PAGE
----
Agricultural biodiversity practices empowering local communities of Umbumbulu
The rural community of Umbumbulu in KwaZulu-Natal was recently given the opportunity to participate in a hands-on research project led by Professor Albert Modi, Dean in the School of Agricultural, Earth & Environmental Sciences. This outreach initiative forms part of a mission to encourage rural communities in KZN to explore agricultural biodiversity as an innovative way to achieve food security and improve general quality of life, while also managing the negative impacts of alien invasive plant species in the region.
"In the context of the current debate about land redistribution, food insecurity and poverty in South Africa, it is critical for communities to be educated and empowered to make sustainable decisions regarding their livelihoods", explained Modi. The approach falls in line with the government’s National Development Strategy and National Development Plan Vision for 2030, which mandates the overall improvement of the quality of life of South Africans. A focus on rural communities is vital as they maintain access to land that can be utilised in ensuring food security and the generation of livelihoods without relying solely on government to provide these resources.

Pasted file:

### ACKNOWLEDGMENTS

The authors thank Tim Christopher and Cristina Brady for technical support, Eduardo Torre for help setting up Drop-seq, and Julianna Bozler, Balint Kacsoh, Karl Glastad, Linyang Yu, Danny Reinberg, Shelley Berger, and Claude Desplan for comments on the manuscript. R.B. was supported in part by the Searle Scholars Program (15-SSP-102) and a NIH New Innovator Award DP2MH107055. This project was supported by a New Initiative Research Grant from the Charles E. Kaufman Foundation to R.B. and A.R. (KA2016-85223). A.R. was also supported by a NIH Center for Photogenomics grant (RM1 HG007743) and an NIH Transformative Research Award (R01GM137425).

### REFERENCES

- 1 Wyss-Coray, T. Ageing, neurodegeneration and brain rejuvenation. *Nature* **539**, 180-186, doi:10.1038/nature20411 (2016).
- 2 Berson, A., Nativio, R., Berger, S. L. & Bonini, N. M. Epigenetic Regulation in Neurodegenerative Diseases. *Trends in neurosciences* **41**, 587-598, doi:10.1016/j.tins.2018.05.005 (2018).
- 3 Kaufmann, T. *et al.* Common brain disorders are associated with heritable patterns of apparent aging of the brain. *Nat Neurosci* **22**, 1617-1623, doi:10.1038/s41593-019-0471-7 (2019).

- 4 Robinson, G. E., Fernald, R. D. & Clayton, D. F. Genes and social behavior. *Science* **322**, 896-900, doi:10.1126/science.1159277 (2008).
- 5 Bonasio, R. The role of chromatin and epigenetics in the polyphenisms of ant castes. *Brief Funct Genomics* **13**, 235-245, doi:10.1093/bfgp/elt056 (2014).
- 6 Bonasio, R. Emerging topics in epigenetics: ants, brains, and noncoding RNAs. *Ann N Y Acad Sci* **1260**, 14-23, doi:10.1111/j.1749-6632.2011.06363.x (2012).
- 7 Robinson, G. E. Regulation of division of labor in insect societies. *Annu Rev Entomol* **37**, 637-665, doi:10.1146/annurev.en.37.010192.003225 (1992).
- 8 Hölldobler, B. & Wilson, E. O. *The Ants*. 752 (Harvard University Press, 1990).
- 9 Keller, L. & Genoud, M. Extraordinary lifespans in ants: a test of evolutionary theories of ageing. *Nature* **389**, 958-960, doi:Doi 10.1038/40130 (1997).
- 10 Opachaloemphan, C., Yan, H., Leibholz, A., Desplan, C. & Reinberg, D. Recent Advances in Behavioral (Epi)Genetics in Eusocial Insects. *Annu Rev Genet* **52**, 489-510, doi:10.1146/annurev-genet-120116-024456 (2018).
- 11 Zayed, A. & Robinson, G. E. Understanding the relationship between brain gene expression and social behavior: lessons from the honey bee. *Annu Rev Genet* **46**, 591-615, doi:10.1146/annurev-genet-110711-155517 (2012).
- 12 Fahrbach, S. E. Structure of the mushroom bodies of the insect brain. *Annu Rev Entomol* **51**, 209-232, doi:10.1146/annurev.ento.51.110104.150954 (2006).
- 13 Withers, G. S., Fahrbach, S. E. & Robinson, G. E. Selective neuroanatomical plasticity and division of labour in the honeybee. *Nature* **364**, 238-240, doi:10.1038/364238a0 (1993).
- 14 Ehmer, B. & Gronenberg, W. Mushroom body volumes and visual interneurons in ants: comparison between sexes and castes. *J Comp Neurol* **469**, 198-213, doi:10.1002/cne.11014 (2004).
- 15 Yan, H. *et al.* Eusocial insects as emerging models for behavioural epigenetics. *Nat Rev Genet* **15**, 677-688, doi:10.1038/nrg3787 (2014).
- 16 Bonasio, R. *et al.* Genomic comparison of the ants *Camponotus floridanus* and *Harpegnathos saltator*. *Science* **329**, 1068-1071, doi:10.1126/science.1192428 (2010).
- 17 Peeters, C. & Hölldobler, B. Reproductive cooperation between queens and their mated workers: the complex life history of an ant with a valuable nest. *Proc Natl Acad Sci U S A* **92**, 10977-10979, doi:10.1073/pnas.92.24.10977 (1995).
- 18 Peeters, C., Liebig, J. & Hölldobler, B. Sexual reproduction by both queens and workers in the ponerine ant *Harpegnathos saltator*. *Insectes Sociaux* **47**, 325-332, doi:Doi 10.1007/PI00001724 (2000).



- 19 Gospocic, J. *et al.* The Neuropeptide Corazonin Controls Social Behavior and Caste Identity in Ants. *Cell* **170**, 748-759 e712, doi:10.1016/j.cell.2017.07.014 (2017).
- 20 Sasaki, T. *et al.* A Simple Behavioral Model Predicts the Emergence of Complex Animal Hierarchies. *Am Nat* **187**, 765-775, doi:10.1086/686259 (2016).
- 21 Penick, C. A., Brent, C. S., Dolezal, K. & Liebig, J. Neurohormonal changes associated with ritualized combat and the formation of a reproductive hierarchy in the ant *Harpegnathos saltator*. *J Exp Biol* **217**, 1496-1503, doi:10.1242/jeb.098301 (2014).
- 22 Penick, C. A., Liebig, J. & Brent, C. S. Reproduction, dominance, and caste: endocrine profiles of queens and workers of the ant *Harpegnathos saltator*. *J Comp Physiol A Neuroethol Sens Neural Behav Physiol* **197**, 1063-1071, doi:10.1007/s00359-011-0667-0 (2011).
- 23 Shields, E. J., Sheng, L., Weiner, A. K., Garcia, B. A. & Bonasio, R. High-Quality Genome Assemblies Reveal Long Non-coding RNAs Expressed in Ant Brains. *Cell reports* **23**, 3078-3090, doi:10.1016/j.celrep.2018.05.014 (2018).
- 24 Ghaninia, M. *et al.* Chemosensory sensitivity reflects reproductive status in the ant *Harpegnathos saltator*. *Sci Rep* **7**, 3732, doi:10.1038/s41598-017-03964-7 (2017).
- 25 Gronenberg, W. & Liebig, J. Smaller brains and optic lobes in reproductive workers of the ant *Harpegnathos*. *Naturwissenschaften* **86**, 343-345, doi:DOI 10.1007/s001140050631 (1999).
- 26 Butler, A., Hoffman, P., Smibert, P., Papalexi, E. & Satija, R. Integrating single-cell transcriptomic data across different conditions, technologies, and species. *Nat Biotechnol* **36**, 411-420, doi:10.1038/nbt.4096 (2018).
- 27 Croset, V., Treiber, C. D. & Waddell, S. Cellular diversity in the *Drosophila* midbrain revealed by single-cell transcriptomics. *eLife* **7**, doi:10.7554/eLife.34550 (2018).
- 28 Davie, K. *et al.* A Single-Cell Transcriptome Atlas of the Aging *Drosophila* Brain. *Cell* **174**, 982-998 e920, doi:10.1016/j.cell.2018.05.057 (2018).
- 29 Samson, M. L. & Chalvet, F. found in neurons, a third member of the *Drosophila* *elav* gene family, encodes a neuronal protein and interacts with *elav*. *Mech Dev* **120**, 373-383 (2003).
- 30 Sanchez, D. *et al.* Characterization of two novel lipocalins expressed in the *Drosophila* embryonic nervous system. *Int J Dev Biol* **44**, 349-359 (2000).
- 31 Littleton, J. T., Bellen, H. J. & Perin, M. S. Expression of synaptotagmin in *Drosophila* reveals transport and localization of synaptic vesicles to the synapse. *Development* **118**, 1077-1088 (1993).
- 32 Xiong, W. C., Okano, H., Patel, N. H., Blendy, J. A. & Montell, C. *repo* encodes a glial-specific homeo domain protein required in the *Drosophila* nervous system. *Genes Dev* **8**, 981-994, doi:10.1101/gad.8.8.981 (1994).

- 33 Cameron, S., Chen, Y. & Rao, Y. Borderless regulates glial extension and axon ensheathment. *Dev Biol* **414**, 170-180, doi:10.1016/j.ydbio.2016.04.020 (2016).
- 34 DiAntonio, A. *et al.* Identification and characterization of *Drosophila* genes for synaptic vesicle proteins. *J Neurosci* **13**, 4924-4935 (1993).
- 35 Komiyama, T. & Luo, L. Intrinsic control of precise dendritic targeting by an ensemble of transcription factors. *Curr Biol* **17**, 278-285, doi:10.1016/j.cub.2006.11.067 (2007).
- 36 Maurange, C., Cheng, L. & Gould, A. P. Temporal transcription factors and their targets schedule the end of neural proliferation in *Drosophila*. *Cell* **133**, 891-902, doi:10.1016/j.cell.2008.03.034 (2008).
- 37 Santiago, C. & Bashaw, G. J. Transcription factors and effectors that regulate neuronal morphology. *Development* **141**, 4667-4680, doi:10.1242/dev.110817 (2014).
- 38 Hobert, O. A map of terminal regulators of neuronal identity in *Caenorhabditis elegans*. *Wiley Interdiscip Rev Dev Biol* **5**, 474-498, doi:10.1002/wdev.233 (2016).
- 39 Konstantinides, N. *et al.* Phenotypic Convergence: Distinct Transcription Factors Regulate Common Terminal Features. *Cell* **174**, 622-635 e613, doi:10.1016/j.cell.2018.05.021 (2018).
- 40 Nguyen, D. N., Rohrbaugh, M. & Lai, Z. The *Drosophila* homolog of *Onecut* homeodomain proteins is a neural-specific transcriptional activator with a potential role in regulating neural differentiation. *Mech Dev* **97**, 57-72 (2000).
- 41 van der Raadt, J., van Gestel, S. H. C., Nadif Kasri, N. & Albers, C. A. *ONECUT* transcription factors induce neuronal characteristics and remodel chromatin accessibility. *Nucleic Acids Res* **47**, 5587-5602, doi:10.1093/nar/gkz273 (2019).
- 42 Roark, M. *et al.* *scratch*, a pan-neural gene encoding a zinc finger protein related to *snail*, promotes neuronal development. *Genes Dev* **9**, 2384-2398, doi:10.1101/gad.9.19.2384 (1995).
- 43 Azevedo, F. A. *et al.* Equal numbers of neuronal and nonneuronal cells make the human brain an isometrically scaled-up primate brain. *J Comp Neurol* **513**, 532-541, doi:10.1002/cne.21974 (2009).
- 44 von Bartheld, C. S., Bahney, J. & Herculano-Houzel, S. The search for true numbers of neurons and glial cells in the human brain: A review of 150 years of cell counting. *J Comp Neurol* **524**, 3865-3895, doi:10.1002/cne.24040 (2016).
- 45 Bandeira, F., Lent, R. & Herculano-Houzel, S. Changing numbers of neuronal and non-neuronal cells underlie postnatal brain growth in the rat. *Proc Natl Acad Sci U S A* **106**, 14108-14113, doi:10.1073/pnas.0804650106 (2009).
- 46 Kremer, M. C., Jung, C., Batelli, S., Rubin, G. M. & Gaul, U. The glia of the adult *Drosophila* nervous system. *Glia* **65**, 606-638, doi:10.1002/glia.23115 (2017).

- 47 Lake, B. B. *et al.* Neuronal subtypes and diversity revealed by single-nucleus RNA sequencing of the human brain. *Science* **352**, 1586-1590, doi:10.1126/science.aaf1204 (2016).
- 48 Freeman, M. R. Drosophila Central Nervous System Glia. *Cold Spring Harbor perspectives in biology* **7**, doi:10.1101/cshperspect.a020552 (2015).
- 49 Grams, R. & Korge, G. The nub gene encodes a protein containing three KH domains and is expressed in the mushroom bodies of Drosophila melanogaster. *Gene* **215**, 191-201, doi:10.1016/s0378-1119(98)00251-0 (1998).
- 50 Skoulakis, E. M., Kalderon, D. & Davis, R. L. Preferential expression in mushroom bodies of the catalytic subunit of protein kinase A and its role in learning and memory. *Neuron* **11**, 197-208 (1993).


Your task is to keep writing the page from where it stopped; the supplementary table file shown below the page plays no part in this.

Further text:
| Rural communities in Umbumbulu are benefitting from an outreach programme coordinated by Professor Albert Modi, Dean and Head of UKZN’s School of Agricultural, Earth and Environmental Sciences. |
The National Integrated Food Security Strategy (IFSS) calls for an increase in the number of households that can productively undertake sustainable agricultural practices for themselves and for trade purposes. Rural land, however, faces the threat of encroachment by alien plants, reducing food security for marginalised communities.
"Under the mentorship of Professor Modi, we have been able to remove unwanted, alien plants and replace them with useful vegetables, indigenous trees and medicinal plants, creating a food source for our community and the possibility of jobs as we begin to harvest for commercial use", said Mrs Babongile Mkhize.
Modi, who is also GreenMatter Senior Fellow, believes that encouraging rural communities to better understand the link between indigenous knowledge and science makes practical strategies readily implementable in areas such as organic vegetable production and integrated pest management systems.
This approach requires commitment towards educating and sharing knowledge with these communities in order that it succeeds.